What Do You Like Best About Working with Yourself?

I’m cheap. Seriously – money is an object and if I spend my money on cover design, I have less money for editing and marketing.

I’m not a true artist. I can draw, but my inner artist has perspective problems. But Ivyl points out I’m a photographer and I also managed to get a B from a university art class where the professor was a real artist. She was pretty convinced I could do it and so was her friend, who is now a scrimshaw artist in a western village concerned about what CoVid19 is going to do to the tourism industry his income relies on. Cover design is really collage and I’ have always been good at collage. The computer eliminates the need to endure the smell of rubber cement.

But I also like that I know my own mind. I don’t have to describe what I want to another person who may not have read the book. Ivyl had and the design went easily, but there were still issues with conveying my vision. Ethan hadn’t and working on Mirklin Wood was a struggle. He did a good job, but it took a lot of effort.

What Are You Aiming When You Start a Cover Design?

I like covers that give you some idea of what you might find in the book, which is one reason I don’t use cover mills. So, for example, The Willow Branch has a moon that isn’t really a moon and it harbingers the arrival of a goddess who sometimes takes the form of a raven. And you can get that from the cover.

Objects in View features a lot of roadblocks and surveillance by drones. You can see that from the cover. I want readers to be intrigued by what they see and want to check out what’s inside. By the way, that features almost entirely my own photography. I ran around my town and took pictures of cars with their taillights on, then cropped the images, masked the license plates and layered in the collage.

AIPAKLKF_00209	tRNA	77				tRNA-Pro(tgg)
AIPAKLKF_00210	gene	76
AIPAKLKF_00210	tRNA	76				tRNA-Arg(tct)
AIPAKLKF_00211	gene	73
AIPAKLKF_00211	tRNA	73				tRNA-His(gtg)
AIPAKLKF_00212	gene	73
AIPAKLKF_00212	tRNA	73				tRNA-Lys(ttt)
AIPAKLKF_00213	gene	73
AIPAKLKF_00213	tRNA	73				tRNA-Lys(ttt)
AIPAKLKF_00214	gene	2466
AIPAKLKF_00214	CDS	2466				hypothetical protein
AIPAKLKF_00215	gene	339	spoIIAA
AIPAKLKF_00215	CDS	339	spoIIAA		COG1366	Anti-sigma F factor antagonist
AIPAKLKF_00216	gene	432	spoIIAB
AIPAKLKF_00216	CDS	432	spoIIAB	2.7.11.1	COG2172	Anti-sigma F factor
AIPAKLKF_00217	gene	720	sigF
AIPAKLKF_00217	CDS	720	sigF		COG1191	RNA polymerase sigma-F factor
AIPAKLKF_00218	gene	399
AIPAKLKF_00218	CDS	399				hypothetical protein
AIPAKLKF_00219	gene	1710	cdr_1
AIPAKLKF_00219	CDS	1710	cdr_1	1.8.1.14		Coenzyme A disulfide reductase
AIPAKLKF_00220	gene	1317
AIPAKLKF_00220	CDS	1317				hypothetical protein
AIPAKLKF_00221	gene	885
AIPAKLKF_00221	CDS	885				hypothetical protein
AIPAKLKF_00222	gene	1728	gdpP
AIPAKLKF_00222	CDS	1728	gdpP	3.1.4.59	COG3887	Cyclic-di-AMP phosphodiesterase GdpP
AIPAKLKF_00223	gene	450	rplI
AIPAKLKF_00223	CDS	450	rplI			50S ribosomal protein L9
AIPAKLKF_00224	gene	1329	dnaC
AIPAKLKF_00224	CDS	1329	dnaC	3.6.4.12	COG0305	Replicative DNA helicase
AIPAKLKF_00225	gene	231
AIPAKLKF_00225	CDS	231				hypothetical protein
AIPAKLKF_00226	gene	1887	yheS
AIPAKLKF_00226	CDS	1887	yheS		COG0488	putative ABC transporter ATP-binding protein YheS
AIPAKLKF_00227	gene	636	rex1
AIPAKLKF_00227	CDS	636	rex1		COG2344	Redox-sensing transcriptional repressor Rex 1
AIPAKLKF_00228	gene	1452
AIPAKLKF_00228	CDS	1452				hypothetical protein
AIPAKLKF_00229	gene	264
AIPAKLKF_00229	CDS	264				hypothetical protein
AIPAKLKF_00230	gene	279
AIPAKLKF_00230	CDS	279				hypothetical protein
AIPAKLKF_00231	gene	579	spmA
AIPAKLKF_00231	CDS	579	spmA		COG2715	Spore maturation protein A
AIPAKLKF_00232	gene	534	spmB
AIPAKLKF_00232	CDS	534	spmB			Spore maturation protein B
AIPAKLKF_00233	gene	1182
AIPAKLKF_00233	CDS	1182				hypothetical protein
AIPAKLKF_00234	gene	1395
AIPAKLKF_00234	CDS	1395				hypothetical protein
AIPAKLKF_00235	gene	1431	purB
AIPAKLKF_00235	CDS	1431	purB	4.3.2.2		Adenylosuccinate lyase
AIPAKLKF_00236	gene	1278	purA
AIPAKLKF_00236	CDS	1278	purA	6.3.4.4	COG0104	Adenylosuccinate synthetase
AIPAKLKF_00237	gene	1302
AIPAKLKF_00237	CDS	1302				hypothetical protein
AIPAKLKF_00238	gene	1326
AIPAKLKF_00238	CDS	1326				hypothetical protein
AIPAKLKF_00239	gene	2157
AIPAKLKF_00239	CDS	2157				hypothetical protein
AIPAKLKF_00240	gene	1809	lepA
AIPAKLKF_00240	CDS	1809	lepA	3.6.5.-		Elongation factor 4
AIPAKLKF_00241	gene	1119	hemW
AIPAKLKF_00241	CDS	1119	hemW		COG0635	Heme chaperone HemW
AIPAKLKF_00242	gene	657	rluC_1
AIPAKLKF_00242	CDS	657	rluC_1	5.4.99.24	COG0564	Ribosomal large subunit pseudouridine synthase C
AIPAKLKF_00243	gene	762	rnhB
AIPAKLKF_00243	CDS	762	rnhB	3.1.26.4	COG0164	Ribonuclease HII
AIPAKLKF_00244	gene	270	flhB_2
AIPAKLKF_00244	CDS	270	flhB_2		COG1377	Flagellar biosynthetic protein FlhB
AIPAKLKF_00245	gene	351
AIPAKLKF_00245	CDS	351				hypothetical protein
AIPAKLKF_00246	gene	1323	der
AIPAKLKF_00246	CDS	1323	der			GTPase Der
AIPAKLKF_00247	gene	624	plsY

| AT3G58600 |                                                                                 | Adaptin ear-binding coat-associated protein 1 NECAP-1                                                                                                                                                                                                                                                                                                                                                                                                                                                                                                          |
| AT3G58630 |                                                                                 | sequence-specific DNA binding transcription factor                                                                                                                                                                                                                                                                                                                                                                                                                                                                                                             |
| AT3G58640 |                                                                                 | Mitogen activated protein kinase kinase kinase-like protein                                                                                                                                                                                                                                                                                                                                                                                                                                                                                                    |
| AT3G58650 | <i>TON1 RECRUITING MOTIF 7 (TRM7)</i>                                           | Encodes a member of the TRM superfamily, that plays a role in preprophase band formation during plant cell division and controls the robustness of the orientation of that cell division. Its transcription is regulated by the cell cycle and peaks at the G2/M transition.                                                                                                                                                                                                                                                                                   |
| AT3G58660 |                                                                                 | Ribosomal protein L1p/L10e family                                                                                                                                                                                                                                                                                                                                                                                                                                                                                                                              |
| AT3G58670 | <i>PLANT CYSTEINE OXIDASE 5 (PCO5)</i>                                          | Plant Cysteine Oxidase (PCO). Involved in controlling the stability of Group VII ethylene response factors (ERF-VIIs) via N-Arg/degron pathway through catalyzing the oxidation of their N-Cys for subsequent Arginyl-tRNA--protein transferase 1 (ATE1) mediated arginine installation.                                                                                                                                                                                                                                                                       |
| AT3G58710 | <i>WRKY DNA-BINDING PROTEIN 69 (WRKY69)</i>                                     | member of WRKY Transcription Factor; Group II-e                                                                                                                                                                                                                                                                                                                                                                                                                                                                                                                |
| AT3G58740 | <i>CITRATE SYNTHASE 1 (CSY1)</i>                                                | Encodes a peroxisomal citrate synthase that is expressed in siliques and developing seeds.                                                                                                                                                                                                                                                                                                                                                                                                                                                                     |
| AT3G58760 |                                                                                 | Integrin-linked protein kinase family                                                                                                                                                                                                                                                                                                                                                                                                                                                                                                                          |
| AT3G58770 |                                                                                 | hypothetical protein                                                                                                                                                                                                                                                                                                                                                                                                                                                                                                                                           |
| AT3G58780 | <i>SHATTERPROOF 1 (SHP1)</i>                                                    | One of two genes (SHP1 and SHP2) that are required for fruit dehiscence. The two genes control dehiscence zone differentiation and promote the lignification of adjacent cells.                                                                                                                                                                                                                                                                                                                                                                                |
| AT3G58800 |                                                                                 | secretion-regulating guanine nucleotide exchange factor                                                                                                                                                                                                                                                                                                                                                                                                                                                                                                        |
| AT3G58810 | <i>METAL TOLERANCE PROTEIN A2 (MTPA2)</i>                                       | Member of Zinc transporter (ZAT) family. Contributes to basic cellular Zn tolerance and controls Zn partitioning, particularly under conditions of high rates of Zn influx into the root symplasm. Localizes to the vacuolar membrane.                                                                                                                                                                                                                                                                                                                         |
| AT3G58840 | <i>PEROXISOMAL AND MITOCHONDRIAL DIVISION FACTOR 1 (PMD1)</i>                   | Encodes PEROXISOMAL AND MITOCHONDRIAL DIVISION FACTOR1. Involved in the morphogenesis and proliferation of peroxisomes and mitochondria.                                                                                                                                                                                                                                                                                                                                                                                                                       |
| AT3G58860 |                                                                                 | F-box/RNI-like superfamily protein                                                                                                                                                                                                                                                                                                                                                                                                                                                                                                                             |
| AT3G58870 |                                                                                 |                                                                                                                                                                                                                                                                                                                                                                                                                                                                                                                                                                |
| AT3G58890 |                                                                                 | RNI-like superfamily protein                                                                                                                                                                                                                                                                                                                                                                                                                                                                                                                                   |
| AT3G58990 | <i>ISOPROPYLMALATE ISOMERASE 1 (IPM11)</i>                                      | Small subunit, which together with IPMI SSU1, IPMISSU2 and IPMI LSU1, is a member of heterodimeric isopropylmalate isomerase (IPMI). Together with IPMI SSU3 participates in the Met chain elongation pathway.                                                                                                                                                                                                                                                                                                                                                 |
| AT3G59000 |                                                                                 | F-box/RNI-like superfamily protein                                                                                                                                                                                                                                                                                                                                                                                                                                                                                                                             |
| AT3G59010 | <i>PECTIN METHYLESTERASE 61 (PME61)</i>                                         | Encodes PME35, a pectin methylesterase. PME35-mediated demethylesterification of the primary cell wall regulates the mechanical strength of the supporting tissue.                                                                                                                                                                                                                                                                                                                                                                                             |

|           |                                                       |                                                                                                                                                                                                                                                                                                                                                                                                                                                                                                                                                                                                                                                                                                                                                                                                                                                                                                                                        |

Although most of my images come from the Internet, I try to find unique pieces or edit the images in such a way that nobody is going to recognize it as an image they’ve seen a million times. For example, the moon on the cover of The Willow Branch is a NASA photo that we spun on its axis so it doesn’t look like Earth’s moon.

I always go for some striking image, often a pop of color or contrast in every cover. The brake lights in Objects in View, the aircraft’s yellow standing out against the blue of the storm in Gathering In, and the barn in Life As We Knew It all grab attention in a thumbnail and, hopefully, make the reader go — “Ooo, what’s that? Gotta check it out.”

I want the cover image to look good in print. With the ebook it’s all about the pop, but with the print book, the images need to look good, especially the typography. One of the things I like best about working for myself is I own the image, so I can make changes whenever I want and test them on the live audience on Amazon. I have made some remarkably small changes and seen an almost immediate bump in hits on ads, for example.

How Long Does It Take You to Design a Cover?

About a year, or as long as it takes me to write the book. Of course, I don’t work on it every day, but typically, I start to get a basic idea for a cover while I’m writing the book. In the case of “Winter’s Reckoning,” which will come out this fall, I started to get the cover idea while I was writing Gathering In and actually had the cover more or less complete before I started to write the book. Sometimes it just works out that way.

As I write, I’ll start looking for images to edit. I’ll keep track of where I got them, so if I use them in the final design I go pay the royalty. I’m always looking for that pop of color or contrast and then when I have a rough collage going, I go back and really neaten up the constituent images and layer them into the design. I might do several dozen tweaks. I might toss an image I liked in favor of another one that’s stronger. I finally save it as if it were a piece of artwork and then work on the typography.